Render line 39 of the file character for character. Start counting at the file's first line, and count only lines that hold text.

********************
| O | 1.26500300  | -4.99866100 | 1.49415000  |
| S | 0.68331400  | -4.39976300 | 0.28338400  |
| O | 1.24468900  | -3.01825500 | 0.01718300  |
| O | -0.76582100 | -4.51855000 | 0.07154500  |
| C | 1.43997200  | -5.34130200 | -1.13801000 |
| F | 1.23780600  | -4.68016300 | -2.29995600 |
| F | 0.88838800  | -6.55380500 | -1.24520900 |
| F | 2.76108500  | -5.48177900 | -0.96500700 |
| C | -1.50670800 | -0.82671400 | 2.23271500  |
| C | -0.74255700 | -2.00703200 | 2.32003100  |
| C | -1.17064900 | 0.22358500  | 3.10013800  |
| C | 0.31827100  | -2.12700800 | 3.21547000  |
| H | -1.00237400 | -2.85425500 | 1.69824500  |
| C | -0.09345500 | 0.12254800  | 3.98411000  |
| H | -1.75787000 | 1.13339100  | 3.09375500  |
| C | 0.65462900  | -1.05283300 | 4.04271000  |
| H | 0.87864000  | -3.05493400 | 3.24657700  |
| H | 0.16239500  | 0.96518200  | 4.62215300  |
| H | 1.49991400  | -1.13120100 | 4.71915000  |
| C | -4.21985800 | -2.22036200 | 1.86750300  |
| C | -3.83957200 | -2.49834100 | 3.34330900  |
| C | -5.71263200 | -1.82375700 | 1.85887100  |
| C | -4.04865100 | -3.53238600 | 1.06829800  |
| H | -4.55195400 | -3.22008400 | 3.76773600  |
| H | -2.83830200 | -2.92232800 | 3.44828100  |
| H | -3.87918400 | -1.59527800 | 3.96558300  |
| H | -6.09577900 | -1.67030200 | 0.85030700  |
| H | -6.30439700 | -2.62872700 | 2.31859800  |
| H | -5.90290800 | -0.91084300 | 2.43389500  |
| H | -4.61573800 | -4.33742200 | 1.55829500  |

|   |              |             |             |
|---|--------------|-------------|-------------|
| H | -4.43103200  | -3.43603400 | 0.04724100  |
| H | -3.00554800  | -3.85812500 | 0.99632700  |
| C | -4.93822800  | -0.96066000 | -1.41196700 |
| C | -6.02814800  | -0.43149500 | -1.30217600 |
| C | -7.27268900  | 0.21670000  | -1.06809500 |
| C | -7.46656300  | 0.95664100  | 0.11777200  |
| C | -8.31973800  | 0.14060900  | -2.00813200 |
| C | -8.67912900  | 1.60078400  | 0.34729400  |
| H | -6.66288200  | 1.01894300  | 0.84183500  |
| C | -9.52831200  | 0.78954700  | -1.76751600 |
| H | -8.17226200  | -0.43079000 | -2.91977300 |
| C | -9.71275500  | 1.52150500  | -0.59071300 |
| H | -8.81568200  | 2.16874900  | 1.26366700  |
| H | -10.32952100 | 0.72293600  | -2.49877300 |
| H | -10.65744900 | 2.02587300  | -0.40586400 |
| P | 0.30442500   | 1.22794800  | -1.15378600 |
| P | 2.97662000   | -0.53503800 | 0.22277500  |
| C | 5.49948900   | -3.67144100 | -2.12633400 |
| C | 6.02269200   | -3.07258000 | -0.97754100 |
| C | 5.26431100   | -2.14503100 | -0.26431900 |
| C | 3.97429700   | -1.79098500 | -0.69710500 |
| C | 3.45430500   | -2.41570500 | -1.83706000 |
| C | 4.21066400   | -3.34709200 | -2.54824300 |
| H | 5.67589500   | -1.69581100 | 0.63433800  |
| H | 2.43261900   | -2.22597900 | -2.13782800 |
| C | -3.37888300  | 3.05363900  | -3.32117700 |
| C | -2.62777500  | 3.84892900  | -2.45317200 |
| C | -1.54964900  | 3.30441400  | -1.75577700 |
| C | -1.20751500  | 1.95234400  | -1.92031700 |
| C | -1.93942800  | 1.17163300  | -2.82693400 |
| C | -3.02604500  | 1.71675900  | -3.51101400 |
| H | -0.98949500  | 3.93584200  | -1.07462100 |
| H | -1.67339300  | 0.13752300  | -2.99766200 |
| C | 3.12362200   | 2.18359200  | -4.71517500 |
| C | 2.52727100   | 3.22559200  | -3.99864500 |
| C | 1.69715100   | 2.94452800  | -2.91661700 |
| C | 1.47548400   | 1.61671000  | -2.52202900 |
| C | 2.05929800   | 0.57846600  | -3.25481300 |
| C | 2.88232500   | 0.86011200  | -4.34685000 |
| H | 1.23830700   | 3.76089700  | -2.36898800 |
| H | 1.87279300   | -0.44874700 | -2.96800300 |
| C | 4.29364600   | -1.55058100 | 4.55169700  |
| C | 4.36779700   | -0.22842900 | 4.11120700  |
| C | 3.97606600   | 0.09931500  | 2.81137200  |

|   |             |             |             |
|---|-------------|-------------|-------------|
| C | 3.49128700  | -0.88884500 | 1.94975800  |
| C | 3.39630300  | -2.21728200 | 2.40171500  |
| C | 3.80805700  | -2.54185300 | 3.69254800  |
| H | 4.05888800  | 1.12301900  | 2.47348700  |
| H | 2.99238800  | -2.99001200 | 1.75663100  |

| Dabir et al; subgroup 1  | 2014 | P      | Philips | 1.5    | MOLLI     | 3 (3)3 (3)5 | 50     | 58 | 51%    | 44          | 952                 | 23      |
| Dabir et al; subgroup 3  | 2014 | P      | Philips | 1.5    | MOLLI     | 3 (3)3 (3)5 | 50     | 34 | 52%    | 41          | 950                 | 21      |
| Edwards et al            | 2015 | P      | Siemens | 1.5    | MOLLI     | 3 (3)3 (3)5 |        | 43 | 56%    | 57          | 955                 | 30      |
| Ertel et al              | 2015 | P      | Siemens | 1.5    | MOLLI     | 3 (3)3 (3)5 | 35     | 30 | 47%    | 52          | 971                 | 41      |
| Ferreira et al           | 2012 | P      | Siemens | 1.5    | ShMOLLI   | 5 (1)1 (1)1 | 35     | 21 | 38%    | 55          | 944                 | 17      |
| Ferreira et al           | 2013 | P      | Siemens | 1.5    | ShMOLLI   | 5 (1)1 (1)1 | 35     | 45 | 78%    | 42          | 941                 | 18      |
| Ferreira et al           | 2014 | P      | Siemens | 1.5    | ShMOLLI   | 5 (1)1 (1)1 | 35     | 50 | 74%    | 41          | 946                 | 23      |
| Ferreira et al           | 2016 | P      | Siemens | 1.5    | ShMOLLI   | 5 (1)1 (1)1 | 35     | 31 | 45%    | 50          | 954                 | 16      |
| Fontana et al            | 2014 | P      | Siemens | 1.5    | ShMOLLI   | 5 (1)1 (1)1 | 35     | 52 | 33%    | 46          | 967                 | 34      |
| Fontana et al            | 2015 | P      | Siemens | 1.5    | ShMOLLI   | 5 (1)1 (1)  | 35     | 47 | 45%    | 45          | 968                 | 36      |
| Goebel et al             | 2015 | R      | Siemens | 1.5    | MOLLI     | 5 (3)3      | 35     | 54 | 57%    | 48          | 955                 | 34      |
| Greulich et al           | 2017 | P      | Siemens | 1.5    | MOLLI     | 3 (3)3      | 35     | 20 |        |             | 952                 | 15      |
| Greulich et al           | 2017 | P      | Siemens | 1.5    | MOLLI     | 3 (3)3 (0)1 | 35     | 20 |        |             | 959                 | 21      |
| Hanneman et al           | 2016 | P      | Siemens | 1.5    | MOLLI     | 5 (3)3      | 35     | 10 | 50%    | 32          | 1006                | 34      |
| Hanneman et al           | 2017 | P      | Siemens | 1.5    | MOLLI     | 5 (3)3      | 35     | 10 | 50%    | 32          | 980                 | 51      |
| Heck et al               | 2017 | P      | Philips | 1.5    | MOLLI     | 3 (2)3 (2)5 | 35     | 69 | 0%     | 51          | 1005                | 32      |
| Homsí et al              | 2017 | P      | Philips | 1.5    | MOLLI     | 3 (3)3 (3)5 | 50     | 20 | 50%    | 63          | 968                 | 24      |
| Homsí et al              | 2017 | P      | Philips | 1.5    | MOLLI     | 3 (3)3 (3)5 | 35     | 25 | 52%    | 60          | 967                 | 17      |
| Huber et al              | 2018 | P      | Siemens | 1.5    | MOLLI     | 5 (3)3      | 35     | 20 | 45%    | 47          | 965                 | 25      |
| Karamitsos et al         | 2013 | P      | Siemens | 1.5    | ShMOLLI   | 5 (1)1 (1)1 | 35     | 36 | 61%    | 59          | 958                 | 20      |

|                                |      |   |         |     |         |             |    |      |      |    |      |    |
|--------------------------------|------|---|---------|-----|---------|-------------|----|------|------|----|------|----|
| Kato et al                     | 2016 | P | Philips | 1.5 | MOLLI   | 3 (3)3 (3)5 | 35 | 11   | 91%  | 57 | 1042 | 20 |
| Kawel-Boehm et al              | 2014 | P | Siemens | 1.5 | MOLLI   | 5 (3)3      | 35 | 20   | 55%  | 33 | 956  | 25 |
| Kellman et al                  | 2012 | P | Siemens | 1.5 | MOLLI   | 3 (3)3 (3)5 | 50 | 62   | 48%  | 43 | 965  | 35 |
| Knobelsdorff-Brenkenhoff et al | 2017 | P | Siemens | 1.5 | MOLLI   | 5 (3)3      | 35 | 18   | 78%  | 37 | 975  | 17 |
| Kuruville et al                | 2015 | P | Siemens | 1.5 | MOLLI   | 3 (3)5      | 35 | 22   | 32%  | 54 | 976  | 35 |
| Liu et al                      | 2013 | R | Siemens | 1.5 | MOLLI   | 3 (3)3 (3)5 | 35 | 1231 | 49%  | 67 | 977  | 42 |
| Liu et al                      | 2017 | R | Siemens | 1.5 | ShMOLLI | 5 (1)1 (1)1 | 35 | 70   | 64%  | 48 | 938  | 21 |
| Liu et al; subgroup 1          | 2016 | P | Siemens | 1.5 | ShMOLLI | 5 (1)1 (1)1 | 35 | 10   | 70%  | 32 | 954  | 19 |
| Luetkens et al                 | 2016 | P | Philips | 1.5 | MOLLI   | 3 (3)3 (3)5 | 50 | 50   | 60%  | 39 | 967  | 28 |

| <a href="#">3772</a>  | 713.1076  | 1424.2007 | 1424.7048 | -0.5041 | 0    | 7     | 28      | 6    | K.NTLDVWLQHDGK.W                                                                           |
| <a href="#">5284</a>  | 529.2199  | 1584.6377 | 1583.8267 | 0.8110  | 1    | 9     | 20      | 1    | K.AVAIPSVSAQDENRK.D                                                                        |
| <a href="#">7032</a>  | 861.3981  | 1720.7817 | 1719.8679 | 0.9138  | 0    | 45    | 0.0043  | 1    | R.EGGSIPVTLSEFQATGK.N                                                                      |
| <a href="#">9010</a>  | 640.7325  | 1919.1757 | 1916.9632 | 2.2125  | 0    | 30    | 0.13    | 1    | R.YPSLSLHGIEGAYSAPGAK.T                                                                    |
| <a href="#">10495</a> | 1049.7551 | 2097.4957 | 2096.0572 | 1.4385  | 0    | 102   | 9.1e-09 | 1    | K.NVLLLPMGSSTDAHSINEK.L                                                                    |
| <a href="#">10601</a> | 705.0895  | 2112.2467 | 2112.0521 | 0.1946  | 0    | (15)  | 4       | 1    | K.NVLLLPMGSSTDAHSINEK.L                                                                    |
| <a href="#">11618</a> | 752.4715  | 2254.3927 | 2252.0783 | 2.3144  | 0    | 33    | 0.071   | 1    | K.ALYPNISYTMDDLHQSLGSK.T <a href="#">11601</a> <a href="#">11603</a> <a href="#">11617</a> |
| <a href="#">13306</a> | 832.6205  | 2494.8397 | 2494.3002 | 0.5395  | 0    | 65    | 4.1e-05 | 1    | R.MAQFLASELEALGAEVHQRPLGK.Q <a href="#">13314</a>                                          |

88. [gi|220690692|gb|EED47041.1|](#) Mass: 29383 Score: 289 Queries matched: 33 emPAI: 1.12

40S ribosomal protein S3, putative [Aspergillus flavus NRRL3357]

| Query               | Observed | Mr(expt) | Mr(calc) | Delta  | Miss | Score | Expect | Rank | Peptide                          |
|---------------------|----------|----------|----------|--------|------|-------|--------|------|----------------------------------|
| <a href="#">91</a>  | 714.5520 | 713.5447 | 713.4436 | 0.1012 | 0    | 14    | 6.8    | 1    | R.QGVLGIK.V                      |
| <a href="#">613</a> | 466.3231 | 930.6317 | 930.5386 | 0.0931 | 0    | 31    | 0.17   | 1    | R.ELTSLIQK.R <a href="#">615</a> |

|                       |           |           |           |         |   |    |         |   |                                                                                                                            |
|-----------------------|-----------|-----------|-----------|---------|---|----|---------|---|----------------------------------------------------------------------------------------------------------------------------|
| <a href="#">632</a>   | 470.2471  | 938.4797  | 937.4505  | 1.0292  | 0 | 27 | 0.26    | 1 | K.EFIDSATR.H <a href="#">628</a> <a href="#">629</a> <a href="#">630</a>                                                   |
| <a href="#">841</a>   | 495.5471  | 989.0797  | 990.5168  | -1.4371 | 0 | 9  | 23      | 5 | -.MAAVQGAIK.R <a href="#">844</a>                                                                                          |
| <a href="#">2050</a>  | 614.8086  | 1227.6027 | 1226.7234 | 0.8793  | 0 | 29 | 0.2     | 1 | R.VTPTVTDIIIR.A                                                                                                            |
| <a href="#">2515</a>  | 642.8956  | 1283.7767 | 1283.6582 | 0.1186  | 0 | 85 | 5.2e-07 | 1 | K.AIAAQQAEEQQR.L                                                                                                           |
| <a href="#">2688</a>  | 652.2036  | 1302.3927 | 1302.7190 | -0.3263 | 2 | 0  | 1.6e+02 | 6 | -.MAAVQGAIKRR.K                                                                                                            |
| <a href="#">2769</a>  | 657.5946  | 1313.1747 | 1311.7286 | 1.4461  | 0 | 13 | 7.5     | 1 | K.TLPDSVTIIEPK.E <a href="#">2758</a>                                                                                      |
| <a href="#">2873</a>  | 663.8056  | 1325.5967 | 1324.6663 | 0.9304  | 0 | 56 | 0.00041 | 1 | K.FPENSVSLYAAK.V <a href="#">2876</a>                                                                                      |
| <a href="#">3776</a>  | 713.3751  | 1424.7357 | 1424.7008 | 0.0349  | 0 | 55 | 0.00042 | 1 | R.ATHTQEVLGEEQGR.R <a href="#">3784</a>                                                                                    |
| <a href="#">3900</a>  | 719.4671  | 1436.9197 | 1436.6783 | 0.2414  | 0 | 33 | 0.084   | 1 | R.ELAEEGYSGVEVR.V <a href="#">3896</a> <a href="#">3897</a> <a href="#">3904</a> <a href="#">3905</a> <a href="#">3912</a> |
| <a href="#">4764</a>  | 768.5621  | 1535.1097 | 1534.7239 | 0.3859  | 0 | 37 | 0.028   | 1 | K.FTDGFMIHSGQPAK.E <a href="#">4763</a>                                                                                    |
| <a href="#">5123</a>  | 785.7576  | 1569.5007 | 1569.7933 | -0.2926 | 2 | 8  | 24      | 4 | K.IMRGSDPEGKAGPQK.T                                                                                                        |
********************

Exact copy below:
| C | -8.31973800  | 0.14060900  | -2.00813200 |